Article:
Pakistan summons U.S. ambassador over Taliban leader’s death

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The Pakistani government summoned the U.S. ambassador on Saturday in protest of the death of Taliban leader Hakimullah Mehsud, who was killed by a U.S. drone strike.

A statement from the Pakistani Foreign Office said Friday’s strike was “counter-productive to Pakistan’s efforts to bring peace and stability to Pakistan and the region,” Reuters reported.

The Pakistani government denounced the killing of the Taliban leader citing the failure of peace efforts.

The strike comes as Pakistan says it has started talks with the Pakistani Taliban.

The Pakistani interior minister also accused on Saturday the United States of “scuttling” efforts towards peace talks with the Taliban by killing the militants’ leader in a drone strike.

Chaudhry Nisar said “every aspect” of Pakistan’s cooperation with Washington would be reviewed following Friday’s drone attack that killed Mehsud in the country’s tribal northwest.

“The murder of Hakimullah is the murder of all efforts at peace,” I Nisar was quoted as saying by Reuters. “Americans said they support our efforts at peace. Is this support?”

Some lawmakers are now demanding to block U.S. supply lines into Afghanistan.

Shah Farman, a government spokesman representing the northwestern province of Khyber Pakhtunkhwa told Reuters that provincial lawmakers would pass a resolution on Monday to cut NATO supply lines into Afghanistan. A major one passes through the nearby Khyber Pass.

The supply lines through Pakistan have been crucial since the latest Afghan war began in 2001 and remain vital as the United States and other Western forces prepare to withdraw from Afghanistan by the end of next year.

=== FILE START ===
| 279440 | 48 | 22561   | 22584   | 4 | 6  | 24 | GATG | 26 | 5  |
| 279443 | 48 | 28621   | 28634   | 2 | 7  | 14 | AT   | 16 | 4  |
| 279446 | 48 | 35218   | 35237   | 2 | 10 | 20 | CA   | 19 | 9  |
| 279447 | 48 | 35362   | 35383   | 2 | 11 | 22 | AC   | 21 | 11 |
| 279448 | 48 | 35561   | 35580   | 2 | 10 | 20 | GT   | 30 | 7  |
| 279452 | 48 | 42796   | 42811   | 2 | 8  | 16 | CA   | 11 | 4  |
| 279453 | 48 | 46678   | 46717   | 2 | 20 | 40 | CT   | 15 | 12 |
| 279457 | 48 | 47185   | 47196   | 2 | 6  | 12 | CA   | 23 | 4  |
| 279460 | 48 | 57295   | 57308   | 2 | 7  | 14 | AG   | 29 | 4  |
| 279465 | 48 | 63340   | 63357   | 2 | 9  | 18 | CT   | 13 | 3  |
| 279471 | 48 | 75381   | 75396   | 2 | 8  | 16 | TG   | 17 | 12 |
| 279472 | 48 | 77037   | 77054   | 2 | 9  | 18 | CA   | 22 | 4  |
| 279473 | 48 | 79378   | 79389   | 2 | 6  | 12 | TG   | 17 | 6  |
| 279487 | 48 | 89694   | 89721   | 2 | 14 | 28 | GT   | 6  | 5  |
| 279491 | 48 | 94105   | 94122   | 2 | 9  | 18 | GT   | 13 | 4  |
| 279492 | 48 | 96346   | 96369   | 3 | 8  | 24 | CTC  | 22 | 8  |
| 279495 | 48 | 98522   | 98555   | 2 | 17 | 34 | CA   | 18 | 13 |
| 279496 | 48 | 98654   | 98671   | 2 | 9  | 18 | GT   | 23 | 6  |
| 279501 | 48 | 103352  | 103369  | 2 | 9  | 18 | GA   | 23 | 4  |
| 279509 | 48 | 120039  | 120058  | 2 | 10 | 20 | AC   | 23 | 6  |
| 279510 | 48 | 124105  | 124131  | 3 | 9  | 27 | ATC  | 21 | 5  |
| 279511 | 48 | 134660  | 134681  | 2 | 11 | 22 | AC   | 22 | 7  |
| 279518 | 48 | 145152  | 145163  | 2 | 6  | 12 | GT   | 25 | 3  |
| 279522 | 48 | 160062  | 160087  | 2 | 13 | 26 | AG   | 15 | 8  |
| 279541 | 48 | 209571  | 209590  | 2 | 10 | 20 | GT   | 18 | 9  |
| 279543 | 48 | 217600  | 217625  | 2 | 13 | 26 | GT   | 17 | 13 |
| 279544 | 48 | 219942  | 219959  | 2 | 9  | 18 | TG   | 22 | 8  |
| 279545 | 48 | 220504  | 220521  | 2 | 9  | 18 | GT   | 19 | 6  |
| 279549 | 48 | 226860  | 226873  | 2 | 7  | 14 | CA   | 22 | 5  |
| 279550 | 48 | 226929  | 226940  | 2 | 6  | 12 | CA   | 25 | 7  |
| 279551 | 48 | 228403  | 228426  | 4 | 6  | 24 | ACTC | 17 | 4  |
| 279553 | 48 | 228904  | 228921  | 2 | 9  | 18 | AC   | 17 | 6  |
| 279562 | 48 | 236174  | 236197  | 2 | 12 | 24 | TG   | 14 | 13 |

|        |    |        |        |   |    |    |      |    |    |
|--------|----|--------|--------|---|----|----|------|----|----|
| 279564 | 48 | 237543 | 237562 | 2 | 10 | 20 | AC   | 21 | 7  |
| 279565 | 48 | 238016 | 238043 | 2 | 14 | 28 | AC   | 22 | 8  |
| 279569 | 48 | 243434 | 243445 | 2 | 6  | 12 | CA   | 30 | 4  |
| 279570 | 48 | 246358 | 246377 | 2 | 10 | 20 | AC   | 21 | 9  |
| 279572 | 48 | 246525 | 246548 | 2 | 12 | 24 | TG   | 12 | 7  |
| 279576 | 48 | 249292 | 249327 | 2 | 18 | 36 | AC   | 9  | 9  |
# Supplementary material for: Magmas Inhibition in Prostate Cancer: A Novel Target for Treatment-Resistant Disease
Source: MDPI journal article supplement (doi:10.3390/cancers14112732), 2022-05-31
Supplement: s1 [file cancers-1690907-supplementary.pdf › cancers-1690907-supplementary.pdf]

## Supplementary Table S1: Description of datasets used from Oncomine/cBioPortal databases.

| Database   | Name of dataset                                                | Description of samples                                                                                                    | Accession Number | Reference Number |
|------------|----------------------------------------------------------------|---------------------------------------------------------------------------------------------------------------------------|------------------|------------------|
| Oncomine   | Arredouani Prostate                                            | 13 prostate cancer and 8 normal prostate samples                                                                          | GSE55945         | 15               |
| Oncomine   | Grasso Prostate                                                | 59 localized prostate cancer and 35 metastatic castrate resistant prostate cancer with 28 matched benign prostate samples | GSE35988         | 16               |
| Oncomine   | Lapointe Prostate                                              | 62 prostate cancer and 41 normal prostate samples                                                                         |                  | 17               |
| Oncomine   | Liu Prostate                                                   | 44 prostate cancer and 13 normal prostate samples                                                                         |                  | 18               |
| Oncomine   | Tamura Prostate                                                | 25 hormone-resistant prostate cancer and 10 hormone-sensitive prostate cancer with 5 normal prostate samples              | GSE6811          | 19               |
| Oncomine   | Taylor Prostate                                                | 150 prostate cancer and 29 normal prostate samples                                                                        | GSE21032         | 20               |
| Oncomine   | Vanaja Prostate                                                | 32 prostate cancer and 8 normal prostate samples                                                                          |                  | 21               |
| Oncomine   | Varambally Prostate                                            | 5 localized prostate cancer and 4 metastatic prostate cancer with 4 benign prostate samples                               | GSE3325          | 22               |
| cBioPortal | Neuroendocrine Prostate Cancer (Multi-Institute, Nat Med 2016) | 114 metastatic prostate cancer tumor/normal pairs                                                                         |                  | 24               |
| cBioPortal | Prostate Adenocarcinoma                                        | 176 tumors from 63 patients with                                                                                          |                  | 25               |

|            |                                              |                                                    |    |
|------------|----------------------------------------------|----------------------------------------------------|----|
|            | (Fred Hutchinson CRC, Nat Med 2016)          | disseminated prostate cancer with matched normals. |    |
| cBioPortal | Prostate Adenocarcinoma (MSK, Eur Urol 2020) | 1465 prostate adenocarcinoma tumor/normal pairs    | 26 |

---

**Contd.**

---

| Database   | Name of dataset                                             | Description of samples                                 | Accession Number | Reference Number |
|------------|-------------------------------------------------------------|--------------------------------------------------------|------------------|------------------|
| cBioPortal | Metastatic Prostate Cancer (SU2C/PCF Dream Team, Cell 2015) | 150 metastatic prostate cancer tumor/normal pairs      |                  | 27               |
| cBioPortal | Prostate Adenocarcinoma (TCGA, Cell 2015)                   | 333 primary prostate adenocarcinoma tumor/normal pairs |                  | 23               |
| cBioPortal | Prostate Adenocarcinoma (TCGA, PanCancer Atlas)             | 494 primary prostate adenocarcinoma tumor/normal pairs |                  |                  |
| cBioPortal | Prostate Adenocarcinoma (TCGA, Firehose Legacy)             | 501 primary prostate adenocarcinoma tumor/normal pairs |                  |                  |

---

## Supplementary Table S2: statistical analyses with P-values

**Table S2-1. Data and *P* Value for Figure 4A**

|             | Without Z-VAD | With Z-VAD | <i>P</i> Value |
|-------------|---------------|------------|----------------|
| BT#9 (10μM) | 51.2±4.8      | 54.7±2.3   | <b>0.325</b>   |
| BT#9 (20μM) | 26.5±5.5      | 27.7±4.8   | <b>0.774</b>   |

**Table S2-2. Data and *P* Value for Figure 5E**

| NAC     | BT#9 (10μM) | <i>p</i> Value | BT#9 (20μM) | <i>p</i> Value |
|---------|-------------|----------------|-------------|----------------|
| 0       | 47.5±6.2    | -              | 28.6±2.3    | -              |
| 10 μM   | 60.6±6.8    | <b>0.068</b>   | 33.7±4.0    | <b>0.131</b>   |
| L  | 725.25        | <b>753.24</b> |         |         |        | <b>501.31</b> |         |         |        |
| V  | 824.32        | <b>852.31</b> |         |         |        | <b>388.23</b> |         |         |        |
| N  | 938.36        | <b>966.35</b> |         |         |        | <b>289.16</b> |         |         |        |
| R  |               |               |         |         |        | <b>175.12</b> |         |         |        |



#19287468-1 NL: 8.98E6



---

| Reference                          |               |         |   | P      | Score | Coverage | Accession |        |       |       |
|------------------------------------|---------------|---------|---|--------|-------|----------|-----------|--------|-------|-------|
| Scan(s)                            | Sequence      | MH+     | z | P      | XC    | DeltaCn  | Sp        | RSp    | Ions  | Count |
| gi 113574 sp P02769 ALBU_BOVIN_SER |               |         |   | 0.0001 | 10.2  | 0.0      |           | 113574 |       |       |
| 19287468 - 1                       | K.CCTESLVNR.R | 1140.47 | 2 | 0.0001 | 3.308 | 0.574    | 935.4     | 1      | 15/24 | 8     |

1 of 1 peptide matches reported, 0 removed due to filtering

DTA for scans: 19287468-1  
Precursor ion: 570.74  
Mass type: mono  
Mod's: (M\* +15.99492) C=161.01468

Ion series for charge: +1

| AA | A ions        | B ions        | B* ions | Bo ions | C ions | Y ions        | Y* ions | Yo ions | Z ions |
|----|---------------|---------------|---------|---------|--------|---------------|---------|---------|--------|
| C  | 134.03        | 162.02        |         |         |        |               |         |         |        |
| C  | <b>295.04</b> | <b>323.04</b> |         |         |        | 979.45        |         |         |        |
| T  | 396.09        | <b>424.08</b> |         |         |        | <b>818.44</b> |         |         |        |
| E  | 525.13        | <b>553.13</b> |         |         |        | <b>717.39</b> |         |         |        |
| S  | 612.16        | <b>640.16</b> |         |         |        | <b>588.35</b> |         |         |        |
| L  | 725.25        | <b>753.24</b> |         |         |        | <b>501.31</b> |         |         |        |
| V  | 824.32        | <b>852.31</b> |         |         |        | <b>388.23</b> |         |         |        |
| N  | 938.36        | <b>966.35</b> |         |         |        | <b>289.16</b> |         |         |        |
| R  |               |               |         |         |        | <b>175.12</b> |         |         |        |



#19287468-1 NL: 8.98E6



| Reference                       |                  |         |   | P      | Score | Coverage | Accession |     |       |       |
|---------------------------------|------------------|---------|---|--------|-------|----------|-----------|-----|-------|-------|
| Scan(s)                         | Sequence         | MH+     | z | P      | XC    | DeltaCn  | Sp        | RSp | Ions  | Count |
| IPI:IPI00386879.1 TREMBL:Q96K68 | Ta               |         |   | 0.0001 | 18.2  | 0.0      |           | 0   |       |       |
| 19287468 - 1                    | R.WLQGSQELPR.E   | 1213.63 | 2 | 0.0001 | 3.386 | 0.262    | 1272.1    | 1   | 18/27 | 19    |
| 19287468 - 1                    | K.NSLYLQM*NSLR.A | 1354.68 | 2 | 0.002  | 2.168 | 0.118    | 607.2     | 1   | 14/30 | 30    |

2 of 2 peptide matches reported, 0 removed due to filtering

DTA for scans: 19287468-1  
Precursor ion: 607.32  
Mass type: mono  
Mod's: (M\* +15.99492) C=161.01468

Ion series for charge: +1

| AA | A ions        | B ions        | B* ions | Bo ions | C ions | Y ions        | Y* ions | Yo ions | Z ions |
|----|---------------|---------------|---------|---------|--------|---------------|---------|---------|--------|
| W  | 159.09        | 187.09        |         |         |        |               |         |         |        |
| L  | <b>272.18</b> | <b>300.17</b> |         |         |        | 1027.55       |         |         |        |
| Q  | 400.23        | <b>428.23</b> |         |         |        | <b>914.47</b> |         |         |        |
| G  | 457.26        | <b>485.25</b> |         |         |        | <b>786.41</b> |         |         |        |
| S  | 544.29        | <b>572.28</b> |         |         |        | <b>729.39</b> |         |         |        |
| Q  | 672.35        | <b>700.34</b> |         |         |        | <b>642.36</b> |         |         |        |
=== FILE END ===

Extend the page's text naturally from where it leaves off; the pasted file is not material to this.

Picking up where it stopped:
Mehsud was on the U.S.’s most-wanted terrorist lists with a $5 million bounty, he is believed to have planned a deadly suicide attack at a CIA base in Afghanistan, a failed car bombing in New York’s Times Square and other brazen assaults in Pakistan that killed thousands of civilians and security forces, the Associated Press reported.

He was on the FBI’s most-wanted terrorist list and has been near the top of the CIA Counterterrorism Center’s most-wanted list for his role in the December 2009 suicide bombing that killed seven Americans - CIA officers and their security detail - at Forward Operating Base Chapman in Khost, Afghanistan.

On Saturday, the Pakistani Taliban reportedly chose Khan Said Mehsud, alias Sajna, as Meshud’s successor.

The consultative Shura Council of the Tehrik-e-Taliban Pakistan (TTP) was held at an undisclosed location and Sajna was elected after winning a majority of 43 votes out of 60, Pakistani media reported, quoting sources close to the militant group.

The Pakistani Taliban is an umbrella organization with different branches. It has fought the Pakistani government since 2007, seeking to overthrow the government and establish an Islamist state. It is also seeking to end Pakistan’s alliance with the United States.

The U.S. drone strike that killed Meshud is the second after Pakistani Prime Minister Nawaz Sharif’s visit to the U.S. last month where he pressed for an end to drone strikes.

(With Reuters)

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